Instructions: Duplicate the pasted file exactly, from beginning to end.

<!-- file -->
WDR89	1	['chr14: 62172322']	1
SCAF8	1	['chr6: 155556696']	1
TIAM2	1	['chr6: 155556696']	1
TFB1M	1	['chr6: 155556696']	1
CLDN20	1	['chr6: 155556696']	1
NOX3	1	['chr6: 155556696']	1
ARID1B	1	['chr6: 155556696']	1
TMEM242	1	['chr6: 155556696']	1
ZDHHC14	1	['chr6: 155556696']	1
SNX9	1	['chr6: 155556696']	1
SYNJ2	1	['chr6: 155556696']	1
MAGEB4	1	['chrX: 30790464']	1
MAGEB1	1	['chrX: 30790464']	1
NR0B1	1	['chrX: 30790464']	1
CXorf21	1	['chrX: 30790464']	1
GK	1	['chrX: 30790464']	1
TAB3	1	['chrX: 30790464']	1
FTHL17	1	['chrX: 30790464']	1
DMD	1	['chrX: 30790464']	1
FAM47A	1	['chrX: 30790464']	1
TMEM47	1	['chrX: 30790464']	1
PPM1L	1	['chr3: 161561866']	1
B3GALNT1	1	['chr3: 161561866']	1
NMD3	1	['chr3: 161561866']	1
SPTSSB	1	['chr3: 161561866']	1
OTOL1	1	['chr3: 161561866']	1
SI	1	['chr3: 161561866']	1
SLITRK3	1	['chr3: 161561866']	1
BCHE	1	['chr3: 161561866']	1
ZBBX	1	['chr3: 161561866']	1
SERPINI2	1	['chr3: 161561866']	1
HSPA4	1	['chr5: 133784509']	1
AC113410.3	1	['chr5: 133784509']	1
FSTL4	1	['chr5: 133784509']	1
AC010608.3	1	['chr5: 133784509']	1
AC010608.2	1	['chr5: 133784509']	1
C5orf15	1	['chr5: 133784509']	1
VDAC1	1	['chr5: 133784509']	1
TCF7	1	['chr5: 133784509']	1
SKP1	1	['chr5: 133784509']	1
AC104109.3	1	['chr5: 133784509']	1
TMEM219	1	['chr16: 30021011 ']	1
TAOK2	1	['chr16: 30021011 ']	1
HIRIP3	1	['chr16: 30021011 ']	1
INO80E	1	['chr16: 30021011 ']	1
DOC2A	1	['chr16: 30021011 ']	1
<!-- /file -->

WDR89	1	['chr14: 62172322']	1
SCAF8	1	['chr6: 155556696']	1
TIAM2	1	['chr6: 155556696']	1
TFB1M	1	['chr6: 155556696']	1
CLDN20	1	['chr6: 155556696']	1
NOX3	1	['chr6: 155556696']	1
ARID1B	1	['chr6: 155556696']	1
TMEM242	1	['chr6: 155556696']	1
ZDHHC14	1	['chr6: 155556696']	1
SNX9	1	['chr6: 155556696']	1
SYNJ2	1	['chr6: 155556696']	1
MAGEB4	1	['chrX: 30790464']	1
MAGEB1	1	['chrX: 30790464']	1
NR0B1	1	['chrX: 30790464']	1
CXorf21	1	['chrX: 30790464']	1
GK	1	['chrX: 30790464']	1
TAB3	1	['chrX: 30790464']	1
FTHL17	1	['chrX: 30790464']	1
DMD	1	['chrX: 30790464']	1
FAM47A	1	['chrX: 30790464']	1
TMEM47	1	['chrX: 30790464']	1
PPM1L	1	['chr3: 161561866']	1
B3GALNT1	1	['chr3: 161561866']	1
NMD3	1	['chr3: 161561866']	1
SPTSSB	1	['chr3: 161561866']	1
OTOL1	1	['chr3: 161561866']	1
SI	1	['chr3: 161561866']	1
SLITRK3	1	['chr3: 161561866']	1
BCHE	1	['chr3: 161561866']	1
ZBBX	1	['chr3: 161561866']	1
SERPINI2	1	['chr3: 161561866']	1
HSPA4	1	['chr5: 133784509']	1
AC113410.3	1	['chr5: 133784509']	1
FSTL4	1	['chr5: 133784509']	1
AC010608.3	1	['chr5: 133784509']	1
AC010608.2	1	['chr5: 133784509']	1
C5orf15	1	['chr5: 133784509']	1
VDAC1	1	['chr5: 133784509']	1
TCF7	1	['chr5: 133784509']	1
SKP1	1	['chr5: 133784509']	1
AC104109.3	1	['chr5: 133784509']	1
TMEM219	1	['chr16: 30021011 ']	1
TAOK2	1	['chr16: 30021011 ']	1
HIRIP3	1	['chr16: 30021011 ']	1
INO80E	1	['chr16: 30021011 ']	1
DOC2A	1	['chr16: 30021011 ']	1